She came to me in my dreams every night for a week and Lisa got so tired of being woken by dry-throated groans of terror and coming to my aid that she started sleeping in my bed with me. But I knew that her being there wouldn’t stop the dream happening, only cut it short, and I feared enduring even another second. Instead, I watched Lisa sleep and stayed awake until morning, going to work jittered on caffeine and so tired that I felt out-of-body. My colleagues noticed the change in me immediately. I was a workaholic and a perfectionist. It wasn’t like me to knock over coffee mugs or send emails to the wrong people or forget a meeting marked down in my diary. My mother had ruined so much of my life when she was alive, and she was ruining it still. I couldn’t let this happen.
My mum made it very clear to me from a very young age that I was a burden to her and a disappointment. Nothing I did was right; she was hypercritical of everything, and any speck of praise was always given with a backhanded slant. I looked too much like my dad for her liking and she blamed me for having traits we shared, like our left-handedness, as if it was something I had chosen just to spite her. I was part him and she hated me for it. I was what bonded her with the man who had treated her terribly and left her heartbroken. She blamed me for him leaving. She made it clear that her raising me single-handedly meant that I was indebted to her in a way I could never repay. When I moved away to university, she was furious and told me that I was ungrateful for leaving her all alone just like my dad had and I was making a fool of myself thinking I was smart and capable enough to get a degree or a good job. When I did get a good job, she didn’t praise me, but would just ask for money. And worse yet, I gave in to her every time. I always knew that this wasn’t how mothers treated children and yet I craved her approval and did my best to please her. If I ever complained about my treatment, she would gaslight me. I feared her calling me – always out of the blue but there was hell to pay if I didn’t answer – to talk about herself and find ways to criticise or belittle me with anything I had to say. But I couldn’t let go. She told me we were all each other had. She told me I needed her. She told me that the point of children is so they can look after their parents when they’re old and as she was old, I owed her. I hated her but mostly I hated that she was gone and yet she still had a hold on me. My exhausted sleep-deprived brain wondered that maybe as she had died young, she wasn’t done with me. She still wanted more from me. But at what cost?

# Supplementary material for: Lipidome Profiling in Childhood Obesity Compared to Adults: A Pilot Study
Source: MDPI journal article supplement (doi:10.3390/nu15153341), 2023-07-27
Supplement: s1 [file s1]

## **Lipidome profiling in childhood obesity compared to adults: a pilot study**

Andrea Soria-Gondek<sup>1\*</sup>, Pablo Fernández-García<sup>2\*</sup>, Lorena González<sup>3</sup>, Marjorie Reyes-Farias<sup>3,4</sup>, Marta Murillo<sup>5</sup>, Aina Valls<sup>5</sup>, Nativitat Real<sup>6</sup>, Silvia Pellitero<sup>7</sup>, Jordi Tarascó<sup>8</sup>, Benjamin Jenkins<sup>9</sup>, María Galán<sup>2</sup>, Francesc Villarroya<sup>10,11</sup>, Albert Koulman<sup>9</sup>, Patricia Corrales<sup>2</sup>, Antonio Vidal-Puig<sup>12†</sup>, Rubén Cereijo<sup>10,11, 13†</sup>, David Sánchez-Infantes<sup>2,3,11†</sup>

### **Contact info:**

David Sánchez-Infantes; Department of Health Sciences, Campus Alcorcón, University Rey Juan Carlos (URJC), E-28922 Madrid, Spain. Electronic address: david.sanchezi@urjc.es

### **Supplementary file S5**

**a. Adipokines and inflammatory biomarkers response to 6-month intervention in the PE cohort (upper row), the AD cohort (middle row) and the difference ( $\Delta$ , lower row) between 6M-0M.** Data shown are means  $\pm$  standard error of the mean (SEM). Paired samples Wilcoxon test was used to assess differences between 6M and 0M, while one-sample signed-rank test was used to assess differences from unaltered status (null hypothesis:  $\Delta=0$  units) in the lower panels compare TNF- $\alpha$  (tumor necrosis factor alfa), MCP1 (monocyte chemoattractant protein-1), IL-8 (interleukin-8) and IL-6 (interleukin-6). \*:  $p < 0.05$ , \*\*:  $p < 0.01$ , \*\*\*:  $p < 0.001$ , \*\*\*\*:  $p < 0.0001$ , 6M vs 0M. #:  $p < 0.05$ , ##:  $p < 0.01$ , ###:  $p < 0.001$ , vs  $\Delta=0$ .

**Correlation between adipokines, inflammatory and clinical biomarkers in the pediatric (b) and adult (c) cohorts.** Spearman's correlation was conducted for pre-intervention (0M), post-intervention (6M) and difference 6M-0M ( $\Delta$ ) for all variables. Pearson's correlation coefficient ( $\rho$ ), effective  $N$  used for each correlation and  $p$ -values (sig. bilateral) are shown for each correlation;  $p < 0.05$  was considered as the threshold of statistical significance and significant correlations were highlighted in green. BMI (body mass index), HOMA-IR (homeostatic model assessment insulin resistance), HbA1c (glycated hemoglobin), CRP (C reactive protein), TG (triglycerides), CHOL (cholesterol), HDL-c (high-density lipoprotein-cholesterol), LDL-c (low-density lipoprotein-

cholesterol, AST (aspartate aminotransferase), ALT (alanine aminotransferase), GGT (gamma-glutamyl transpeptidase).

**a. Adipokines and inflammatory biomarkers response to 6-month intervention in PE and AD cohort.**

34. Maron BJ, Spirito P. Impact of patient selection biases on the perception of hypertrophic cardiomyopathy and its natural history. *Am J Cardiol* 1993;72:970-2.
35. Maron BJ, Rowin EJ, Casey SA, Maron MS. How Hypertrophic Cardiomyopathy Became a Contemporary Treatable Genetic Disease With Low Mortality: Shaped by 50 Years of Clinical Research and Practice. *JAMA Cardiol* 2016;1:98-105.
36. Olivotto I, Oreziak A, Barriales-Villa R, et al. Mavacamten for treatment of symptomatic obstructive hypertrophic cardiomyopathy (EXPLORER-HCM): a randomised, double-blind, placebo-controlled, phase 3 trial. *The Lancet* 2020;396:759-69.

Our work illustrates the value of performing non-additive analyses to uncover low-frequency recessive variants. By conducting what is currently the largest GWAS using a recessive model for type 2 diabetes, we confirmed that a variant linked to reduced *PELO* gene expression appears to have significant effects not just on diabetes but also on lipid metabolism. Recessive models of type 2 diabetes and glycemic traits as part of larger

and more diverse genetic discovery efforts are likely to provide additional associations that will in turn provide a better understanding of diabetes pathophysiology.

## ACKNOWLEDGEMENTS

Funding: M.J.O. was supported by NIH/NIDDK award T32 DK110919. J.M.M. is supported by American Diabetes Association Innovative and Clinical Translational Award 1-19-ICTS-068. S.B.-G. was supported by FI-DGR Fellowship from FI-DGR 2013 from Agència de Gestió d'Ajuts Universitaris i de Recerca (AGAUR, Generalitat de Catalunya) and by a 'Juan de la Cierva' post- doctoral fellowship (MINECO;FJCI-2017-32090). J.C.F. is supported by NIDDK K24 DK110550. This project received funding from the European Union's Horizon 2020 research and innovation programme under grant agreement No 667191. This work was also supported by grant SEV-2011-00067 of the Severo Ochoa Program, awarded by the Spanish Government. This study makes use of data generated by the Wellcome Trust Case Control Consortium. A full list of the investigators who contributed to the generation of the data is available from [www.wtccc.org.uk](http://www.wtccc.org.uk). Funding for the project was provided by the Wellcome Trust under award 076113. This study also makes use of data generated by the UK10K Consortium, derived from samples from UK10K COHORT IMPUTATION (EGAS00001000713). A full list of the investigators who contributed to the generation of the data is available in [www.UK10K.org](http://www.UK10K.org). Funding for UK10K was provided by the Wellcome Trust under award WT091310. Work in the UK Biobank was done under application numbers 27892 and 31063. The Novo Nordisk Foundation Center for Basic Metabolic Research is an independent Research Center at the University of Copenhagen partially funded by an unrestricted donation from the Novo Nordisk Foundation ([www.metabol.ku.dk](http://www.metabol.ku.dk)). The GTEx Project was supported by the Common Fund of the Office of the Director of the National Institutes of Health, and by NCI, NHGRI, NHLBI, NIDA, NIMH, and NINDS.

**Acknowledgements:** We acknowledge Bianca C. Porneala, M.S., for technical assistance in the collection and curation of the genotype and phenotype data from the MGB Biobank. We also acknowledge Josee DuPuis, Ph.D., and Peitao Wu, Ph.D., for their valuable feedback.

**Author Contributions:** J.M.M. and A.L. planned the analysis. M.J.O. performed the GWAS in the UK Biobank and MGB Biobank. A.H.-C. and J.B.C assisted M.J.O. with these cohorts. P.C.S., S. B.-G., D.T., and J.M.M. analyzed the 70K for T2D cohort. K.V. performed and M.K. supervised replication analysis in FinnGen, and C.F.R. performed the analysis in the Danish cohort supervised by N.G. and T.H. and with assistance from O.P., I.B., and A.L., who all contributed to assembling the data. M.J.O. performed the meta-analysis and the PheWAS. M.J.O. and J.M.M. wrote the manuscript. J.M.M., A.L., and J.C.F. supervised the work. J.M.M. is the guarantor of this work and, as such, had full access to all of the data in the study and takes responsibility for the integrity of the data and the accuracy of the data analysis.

“It’s sleep paralysis.” Lisa told me as she spooned tagliatelle into my dish. “Parmesan?”
“Please. What’s sleep paralysis then?”
“It’s a sleep disorder but it’s actually fascinating. I’ve read up on its history. In Scandinavian folklore, she’s depicted as a mare, a cursed woman who brings nightmares. In North America she’s described as a hag who sits on their victims’ chests. It’s exactly as you’ve described.”’
“Why do women get blamed for everything?”
“Society is built on blaming women.”
“But it is a woman, right?”
“Well yeah, I guess.” I hadn’t told her it was my mother. “But I don’t know if it is sleep paralysis.”
“Well, what do you suggest otherwise? A ghost? A demon or something?” She laughed at the idea.
“Maybe.” I reached for more parmesan and caught her staring at me in disbelief. “Well, not literally. But maybe like, metaphorically.”
“Yeah. I don’t know.” I shrugged the idea away, “Did you find how you stop them in your research?”
“No. Sorry. But I don’t mind bed-sharing with you until you’re over it.”
“I can’t ask that of you. Plus, you snore. I have a plan.”
“What’s the plan?”
“I’m going to see it through to the end. When it happens again, don’t wake me.”
“What, you’re going to do battle with this thing? In your dreams?”
“Yep. I’m just going to face this thing head on. What’s the worst that can happen?”
I found myself walking down the dark but unassuming street again when a wave of dread came over me and the buildings closed in. I let the buildings blend together to form smooth walls and the path stretch thin until it turned into my hallway. Intense fear coursed through my veins, filling my body to the brim with adrenaline. Fear weighed my body down, stupefying me. My heart beat fast and hard against my chest, the chest so taut with fear it bared down as if to squash my heart as easy as juicing an orange. She appeared in the distance, same as ever, eyes on me, inching closer and closer. If I could have moved, perhaps I would have abandoned my plans and stopped her, but as I couldn’t, there was nothing to do but wait. This was usually around the time that Lisa woke me from this nightmare. I stared at Mum. She stared at me. We were touching now. She bared down on me, skin on skin, her body like a lead weight even though she had always been a slight woman. The pressure got more and more intense until it peaked, and I swear I saw surprise in Mum’s eyes. We both realised in that instant that there was a limit to what she could do, and she had reached it. The intense fear that had washed over me since this nightmare began started to fade away. Her grip on me dissipated as she disappeared. That was when I woke up.
I never had a nightmare again.